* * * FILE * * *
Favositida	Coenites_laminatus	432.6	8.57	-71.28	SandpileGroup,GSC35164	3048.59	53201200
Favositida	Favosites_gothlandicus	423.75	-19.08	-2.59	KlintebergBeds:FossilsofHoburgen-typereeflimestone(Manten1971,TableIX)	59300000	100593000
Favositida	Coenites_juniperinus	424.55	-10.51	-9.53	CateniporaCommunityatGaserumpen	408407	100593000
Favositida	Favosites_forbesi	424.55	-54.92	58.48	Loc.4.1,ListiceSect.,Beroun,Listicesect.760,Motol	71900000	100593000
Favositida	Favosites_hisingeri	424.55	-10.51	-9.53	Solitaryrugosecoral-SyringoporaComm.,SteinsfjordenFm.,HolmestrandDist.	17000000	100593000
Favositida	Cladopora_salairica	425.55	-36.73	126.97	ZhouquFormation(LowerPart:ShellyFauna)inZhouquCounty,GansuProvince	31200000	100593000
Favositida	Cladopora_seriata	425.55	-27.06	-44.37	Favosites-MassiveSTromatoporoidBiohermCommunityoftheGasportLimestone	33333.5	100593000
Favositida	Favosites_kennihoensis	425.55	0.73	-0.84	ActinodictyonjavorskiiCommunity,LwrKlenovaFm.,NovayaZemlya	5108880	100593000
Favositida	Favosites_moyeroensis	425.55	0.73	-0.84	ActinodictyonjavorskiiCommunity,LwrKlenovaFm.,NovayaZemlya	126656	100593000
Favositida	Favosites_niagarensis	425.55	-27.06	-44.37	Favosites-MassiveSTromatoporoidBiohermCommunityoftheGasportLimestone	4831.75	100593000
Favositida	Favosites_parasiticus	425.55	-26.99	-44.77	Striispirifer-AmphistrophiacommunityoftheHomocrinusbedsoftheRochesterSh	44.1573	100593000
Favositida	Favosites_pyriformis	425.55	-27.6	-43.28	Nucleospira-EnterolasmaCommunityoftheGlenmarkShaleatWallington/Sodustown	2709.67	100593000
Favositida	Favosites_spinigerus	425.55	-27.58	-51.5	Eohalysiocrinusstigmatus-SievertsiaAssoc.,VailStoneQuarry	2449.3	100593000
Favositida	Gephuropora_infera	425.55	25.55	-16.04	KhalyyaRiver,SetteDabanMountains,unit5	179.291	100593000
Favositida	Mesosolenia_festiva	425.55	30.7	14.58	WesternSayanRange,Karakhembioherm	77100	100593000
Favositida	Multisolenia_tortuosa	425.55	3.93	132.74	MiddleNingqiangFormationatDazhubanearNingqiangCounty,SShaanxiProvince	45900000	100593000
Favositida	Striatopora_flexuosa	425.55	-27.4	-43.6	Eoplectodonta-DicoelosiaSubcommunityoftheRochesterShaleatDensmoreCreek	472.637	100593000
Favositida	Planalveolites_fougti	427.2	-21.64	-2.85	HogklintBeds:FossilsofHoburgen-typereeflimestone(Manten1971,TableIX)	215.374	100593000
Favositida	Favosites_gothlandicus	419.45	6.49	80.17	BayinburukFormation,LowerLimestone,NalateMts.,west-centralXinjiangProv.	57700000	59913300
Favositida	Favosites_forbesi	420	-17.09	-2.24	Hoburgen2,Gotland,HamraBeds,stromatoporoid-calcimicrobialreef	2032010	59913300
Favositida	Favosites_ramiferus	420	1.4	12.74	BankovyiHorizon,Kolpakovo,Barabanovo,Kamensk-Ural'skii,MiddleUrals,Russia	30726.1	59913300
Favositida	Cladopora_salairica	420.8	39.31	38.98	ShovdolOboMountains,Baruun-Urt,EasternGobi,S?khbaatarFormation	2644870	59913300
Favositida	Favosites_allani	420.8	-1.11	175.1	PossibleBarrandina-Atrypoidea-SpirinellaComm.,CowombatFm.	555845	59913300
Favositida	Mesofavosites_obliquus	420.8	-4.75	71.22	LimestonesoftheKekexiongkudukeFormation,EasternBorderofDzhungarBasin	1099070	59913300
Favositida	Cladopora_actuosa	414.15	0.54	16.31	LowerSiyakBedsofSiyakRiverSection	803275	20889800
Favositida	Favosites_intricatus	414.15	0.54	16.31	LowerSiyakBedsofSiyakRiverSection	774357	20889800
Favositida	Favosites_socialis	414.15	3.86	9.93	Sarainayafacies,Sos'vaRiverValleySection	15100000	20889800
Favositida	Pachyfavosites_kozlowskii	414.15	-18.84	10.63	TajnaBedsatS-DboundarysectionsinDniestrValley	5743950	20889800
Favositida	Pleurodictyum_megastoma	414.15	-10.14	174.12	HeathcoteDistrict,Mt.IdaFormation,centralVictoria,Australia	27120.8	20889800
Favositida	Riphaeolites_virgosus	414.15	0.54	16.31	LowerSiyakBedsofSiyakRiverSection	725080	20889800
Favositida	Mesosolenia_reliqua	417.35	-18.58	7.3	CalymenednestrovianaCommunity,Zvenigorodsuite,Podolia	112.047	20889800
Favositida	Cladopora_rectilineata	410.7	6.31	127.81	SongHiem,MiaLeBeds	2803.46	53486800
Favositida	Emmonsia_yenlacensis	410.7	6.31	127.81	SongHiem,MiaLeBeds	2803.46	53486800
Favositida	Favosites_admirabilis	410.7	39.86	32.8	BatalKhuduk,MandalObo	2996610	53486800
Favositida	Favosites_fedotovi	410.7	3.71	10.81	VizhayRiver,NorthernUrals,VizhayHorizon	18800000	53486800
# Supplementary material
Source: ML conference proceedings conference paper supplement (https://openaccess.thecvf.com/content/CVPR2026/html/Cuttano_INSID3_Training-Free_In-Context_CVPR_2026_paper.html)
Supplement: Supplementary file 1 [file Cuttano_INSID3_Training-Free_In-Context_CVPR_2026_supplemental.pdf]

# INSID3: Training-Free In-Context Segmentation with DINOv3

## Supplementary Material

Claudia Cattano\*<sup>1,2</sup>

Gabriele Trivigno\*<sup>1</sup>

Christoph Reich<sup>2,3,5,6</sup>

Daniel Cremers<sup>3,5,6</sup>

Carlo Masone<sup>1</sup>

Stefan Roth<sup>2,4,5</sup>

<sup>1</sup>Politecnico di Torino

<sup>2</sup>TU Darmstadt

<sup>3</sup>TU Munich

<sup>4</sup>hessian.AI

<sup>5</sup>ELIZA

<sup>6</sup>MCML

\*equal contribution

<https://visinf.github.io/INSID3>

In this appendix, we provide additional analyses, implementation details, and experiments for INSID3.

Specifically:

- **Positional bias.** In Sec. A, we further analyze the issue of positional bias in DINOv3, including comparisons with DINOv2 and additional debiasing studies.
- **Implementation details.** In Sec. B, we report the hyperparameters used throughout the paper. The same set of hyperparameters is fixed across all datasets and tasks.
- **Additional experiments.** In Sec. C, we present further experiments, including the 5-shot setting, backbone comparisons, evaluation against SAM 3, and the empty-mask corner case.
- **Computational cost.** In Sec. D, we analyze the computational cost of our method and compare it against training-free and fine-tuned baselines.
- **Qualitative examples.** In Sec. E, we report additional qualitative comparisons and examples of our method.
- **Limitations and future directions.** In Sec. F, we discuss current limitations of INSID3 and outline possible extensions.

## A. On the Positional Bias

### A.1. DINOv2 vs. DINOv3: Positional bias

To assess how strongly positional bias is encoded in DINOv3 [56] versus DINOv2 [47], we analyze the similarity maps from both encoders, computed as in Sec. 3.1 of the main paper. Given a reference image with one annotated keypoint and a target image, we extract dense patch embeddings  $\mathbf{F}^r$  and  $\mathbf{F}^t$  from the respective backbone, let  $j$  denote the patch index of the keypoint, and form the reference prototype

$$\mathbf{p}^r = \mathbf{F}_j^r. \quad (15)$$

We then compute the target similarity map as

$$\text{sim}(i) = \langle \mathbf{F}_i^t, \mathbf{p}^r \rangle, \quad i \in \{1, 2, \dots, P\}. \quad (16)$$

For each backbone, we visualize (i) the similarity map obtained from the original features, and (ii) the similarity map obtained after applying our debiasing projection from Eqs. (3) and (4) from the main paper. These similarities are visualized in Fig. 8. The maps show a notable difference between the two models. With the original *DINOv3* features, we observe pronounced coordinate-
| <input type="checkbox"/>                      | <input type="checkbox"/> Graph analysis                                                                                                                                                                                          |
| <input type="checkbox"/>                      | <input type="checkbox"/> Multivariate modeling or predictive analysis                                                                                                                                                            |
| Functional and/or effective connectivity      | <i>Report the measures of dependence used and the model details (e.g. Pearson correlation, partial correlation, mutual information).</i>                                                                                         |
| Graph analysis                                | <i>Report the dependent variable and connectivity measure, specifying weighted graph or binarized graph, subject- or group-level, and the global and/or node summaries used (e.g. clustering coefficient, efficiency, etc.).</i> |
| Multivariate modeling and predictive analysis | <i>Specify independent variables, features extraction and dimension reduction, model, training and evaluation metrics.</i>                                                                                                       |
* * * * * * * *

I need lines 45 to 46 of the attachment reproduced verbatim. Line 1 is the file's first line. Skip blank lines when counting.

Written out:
Carlo Masone<sup>1</sup>

Stefan Roth<sup>2,4,5</sup>